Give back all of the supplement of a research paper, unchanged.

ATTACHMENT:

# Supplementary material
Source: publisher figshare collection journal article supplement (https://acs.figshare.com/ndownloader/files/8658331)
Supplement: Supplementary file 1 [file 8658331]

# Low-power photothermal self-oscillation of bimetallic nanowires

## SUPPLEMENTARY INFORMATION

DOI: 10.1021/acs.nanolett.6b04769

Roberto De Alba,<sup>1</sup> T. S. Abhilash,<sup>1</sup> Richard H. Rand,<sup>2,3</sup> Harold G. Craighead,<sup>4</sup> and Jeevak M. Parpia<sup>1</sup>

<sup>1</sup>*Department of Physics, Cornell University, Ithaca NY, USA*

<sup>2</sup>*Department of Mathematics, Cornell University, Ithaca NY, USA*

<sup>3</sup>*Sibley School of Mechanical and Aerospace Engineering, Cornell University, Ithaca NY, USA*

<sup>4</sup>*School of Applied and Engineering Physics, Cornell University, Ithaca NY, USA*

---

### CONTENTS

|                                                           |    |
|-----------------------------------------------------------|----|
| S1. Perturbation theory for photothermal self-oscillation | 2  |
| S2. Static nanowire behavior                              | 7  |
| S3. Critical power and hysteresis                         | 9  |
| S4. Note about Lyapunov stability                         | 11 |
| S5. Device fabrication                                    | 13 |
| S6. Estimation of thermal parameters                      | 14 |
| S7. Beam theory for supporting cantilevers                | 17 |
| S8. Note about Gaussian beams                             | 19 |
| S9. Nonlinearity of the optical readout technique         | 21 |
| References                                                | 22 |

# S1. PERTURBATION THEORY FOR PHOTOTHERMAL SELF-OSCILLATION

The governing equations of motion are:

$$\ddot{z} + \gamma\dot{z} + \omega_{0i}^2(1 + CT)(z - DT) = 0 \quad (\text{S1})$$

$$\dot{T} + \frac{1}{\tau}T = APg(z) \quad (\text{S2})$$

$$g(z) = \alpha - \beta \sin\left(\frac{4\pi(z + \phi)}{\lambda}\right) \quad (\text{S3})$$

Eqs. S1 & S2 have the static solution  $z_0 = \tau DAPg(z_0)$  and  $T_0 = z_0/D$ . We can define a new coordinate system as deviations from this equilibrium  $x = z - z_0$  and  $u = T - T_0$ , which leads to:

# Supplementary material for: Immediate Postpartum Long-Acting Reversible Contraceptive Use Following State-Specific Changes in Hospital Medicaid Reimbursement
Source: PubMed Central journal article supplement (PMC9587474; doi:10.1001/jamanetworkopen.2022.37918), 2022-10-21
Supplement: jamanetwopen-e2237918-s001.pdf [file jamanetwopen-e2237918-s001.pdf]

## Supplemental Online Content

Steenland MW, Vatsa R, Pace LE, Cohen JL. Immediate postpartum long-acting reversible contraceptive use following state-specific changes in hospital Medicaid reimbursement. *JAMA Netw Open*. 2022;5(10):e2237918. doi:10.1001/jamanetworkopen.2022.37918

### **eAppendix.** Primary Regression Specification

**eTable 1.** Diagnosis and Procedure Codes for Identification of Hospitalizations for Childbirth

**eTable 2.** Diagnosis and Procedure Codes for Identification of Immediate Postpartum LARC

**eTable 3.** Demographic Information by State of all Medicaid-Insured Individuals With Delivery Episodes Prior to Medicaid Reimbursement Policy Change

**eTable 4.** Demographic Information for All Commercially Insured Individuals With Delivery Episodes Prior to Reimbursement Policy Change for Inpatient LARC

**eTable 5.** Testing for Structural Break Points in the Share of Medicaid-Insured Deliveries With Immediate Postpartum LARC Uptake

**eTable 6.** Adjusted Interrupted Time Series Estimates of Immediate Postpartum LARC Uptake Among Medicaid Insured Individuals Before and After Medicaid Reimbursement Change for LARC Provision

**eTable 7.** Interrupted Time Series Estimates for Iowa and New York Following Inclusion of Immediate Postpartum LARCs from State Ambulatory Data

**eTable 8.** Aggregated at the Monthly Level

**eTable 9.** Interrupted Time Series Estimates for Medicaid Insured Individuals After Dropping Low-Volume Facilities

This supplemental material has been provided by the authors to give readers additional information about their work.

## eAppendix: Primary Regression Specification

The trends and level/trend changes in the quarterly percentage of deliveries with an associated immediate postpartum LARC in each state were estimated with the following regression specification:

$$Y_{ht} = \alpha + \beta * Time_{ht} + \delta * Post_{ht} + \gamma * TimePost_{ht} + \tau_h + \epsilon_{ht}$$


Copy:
# Supplementary material
Source: publisher figshare collection journal article supplement (https://acs.figshare.com/ndownloader/files/8658331)
Supplement: Supplementary file 1 [file 8658331]

# Low-power photothermal self-oscillation of bimetallic nanowires

## SUPPLEMENTARY INFORMATION

DOI: 10.1021/acs.nanolett.6b04769

Roberto De Alba,<sup>1</sup> T. S. Abhilash,<sup>1</sup> Richard H. Rand,<sup>2,3</sup> Harold G. Craighead,<sup>4</sup> and Jeevak M. Parpia<sup>1</sup>

<sup>1</sup>*Department of Physics, Cornell University, Ithaca NY, USA*

<sup>2</sup>*Department of Mathematics, Cornell University, Ithaca NY, USA*

<sup>3</sup>*Sibley School of Mechanical and Aerospace Engineering, Cornell University, Ithaca NY, USA*

<sup>4</sup>*School of Applied and Engineering Physics, Cornell University, Ithaca NY, USA*

---

### CONTENTS

|                                                           |    |
|-----------------------------------------------------------|----|
| S1. Perturbation theory for photothermal self-oscillation | 2  |
| S2. Static nanowire behavior                              | 7  |
| S3. Critical power and hysteresis                         | 9  |
| S4. Note about Lyapunov stability                         | 11 |
| S5. Device fabrication                                    | 13 |
| S6. Estimation of thermal parameters                      | 14 |
| S7. Beam theory for supporting cantilevers                | 17 |
| S8. Note about Gaussian beams                             | 19 |
| S9. Nonlinearity of the optical readout technique         | 21 |
| References                                                | 22 |

# S1. PERTURBATION THEORY FOR PHOTOTHERMAL SELF-OSCILLATION

The governing equations of motion are:

$$\ddot{z} + \gamma\dot{z} + \omega_{0i}^2(1 + CT)(z - DT) = 0 \quad (\text{S1})$$

$$\dot{T} + \frac{1}{\tau}T = APg(z) \quad (\text{S2})$$

$$g(z) = \alpha - \beta \sin\left(\frac{4\pi(z + \phi)}{\lambda}\right) \quad (\text{S3})$$

Eqs. S1 & S2 have the static solution  $z_0 = \tau DAPg(z_0)$  and  $T_0 = z_0/D$ . We can define a new coordinate system as deviations from this equilibrium  $x = z - z_0$  and  $u = T - T_0$ , which leads to:

# Supplementary material for: Immediate Postpartum Long-Acting Reversible Contraceptive Use Following State-Specific Changes in Hospital Medicaid Reimbursement
Source: PubMed Central journal article supplement (PMC9587474; doi:10.1001/jamanetworkopen.2022.37918), 2022-10-21
Supplement: jamanetwopen-e2237918-s001.pdf [file jamanetwopen-e2237918-s001.pdf]

## Supplemental Online Content

Steenland MW, Vatsa R, Pace LE, Cohen JL. Immediate postpartum long-acting reversible contraceptive use following state-specific changes in hospital Medicaid reimbursement. *JAMA Netw Open*. 2022;5(10):e2237918. doi:10.1001/jamanetworkopen.2022.37918

### **eAppendix.** Primary Regression Specification

**eTable 1.** Diagnosis and Procedure Codes for Identification of Hospitalizations for Childbirth

**eTable 2.** Diagnosis and Procedure Codes for Identification of Immediate Postpartum LARC

**eTable 3.** Demographic Information by State of all Medicaid-Insured Individuals With Delivery Episodes Prior to Medicaid Reimbursement Policy Change

**eTable 4.** Demographic Information for All Commercially Insured Individuals With Delivery Episodes Prior to Reimbursement Policy Change for Inpatient LARC

**eTable 5.** Testing for Structural Break Points in the Share of Medicaid-Insured Deliveries With Immediate Postpartum LARC Uptake

**eTable 6.** Adjusted Interrupted Time Series Estimates of Immediate Postpartum LARC Uptake Among Medicaid Insured Individuals Before and After Medicaid Reimbursement Change for LARC Provision

**eTable 7.** Interrupted Time Series Estimates for Iowa and New York Following Inclusion of Immediate Postpartum LARCs from State Ambulatory Data

**eTable 8.** Aggregated at the Monthly Level

**eTable 9.** Interrupted Time Series Estimates for Medicaid Insured Individuals After Dropping Low-Volume Facilities

This supplemental material has been provided by the authors to give readers additional information about their work.

## eAppendix: Primary Regression Specification

The trends and level/trend changes in the quarterly percentage of deliveries with an associated immediate postpartum LARC in each state were estimated with the following regression specification:

$$Y_{ht} = \alpha + \beta * Time_{ht} + \delta * Post_{ht} + \gamma * TimePost_{ht} + \tau_h + \epsilon_{ht}$$